Both Saylor and Grove supported the destabilization of the city district by pushing the failed Edison Charter school experiment. The Edison group, like Charter Schools USA, made many similar empty promises of savings, improved academics and even free computers for families who fell for their false promises. When they could not squeeze enough profits out of this community to satisfy their greed, Edison left town in a hurry, leaving a disrupted and unstable district in its lurch. Where is the accountable Mr. Grove and Mr. Saylor? Where were you as your experiment with our children failed?

These daily emails are archived and searchable at
Visit us on Facebook at KeystoneStateEducationCoalition

Sorry I missed this great post when it came out in November. Jersey Jazzman, one of the nation’s best education bloggers, foretells the handover of the York City public schools to a for-profit charter chain and excoriates the state officials who are permitting this travesty to happen.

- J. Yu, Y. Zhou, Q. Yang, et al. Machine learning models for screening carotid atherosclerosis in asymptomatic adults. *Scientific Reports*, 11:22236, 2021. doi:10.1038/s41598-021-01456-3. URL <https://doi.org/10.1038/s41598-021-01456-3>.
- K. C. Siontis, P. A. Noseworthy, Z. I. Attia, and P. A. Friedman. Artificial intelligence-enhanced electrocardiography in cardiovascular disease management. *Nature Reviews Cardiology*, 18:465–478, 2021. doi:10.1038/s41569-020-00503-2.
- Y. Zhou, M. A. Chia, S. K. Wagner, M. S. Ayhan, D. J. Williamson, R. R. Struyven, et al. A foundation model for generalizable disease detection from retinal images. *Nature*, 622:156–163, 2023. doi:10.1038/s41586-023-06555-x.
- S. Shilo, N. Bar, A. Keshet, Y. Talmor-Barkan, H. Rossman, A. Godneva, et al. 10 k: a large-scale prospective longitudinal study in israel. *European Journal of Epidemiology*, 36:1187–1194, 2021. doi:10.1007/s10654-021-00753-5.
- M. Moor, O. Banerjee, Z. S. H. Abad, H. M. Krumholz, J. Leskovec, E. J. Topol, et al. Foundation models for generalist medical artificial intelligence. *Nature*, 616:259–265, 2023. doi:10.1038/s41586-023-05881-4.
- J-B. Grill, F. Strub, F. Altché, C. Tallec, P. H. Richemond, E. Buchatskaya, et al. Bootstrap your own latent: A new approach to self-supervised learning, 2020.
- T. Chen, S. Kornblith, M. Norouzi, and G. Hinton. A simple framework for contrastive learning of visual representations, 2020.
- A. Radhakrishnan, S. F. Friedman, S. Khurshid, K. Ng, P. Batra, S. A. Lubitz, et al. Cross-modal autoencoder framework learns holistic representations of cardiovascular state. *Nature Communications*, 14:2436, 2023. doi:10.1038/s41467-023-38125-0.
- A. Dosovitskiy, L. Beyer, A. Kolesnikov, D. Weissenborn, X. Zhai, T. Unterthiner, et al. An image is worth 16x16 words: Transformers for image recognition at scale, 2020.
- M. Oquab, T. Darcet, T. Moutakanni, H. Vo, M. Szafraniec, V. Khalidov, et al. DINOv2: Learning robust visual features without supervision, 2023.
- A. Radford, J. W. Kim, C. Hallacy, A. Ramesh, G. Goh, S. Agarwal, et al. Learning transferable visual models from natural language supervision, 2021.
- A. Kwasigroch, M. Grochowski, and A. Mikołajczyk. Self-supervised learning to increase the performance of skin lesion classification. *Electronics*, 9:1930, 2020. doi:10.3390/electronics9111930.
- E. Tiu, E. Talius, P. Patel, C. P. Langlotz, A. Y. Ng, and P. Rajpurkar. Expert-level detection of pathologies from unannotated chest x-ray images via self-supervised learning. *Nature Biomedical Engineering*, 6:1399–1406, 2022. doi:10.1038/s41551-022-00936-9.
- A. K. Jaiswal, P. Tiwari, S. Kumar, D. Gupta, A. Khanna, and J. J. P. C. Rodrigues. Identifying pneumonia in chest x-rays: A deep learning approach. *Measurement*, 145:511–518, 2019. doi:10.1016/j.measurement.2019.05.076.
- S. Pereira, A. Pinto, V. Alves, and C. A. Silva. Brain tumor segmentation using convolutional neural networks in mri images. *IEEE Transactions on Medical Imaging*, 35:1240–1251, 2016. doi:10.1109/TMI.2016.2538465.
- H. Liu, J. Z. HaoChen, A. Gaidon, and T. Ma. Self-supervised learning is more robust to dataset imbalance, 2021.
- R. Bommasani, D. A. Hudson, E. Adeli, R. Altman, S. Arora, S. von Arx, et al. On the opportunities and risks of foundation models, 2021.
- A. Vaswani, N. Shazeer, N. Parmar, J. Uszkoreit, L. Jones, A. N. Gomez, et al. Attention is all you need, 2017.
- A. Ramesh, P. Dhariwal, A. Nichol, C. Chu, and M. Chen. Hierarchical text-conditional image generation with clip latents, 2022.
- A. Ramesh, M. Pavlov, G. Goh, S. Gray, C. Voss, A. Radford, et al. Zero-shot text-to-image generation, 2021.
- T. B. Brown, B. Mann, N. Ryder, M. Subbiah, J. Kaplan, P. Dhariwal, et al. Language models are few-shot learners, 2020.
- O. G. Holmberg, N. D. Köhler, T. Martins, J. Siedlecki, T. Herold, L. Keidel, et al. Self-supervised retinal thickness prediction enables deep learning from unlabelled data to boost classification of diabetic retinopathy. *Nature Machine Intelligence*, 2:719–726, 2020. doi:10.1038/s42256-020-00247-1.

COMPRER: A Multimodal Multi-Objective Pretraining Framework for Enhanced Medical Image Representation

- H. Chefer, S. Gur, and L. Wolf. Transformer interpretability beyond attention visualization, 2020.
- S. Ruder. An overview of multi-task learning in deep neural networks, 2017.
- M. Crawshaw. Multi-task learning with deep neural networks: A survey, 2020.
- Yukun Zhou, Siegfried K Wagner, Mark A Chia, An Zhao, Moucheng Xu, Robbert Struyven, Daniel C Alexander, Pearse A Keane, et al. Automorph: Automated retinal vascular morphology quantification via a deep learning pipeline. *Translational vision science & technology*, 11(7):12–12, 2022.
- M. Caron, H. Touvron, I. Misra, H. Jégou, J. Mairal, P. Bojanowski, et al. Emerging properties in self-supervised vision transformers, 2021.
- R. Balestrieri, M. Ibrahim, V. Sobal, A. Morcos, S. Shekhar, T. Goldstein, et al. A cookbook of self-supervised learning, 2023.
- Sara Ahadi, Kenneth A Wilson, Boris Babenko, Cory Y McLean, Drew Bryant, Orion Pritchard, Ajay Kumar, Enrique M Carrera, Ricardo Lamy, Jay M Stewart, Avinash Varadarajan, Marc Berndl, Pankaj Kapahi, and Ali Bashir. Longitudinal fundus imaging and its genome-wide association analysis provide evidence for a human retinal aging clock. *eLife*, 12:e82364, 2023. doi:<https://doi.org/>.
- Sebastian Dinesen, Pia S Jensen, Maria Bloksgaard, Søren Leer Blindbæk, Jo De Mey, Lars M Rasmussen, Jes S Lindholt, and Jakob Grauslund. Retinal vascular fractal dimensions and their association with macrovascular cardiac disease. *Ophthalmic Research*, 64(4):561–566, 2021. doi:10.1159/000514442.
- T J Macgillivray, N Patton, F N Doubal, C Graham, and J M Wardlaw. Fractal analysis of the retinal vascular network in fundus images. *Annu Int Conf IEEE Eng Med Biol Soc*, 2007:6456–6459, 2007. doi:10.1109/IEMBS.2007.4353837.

He digs into the stats on York City to show that it is performing about where you would expect given the socioeconomic disadvantage of its students. York City, he says, needs help, more resources, not a for-profit charter chain to siphon money out of its budget.


He writes:


Let’s recap:

Tom Corbett abdicated his responsibilities to the children of York and defunded their schools.
He sent in his personal hack to force the district to turn those schools over to a private, for-profit corporation through a shell non-profit.
The hack — as if he were a made man — told the district if they didn’t take his offer, he’d take over.
No one knows how much money the charter company is going to make on this deal.
Trust me, folks, we’re just getting started…


Meckley believes this plan is warranted because York’s schools aren’t performing up to snuff. But the truth is that they are exactly where we’d expect them to be, given the demographics of the city.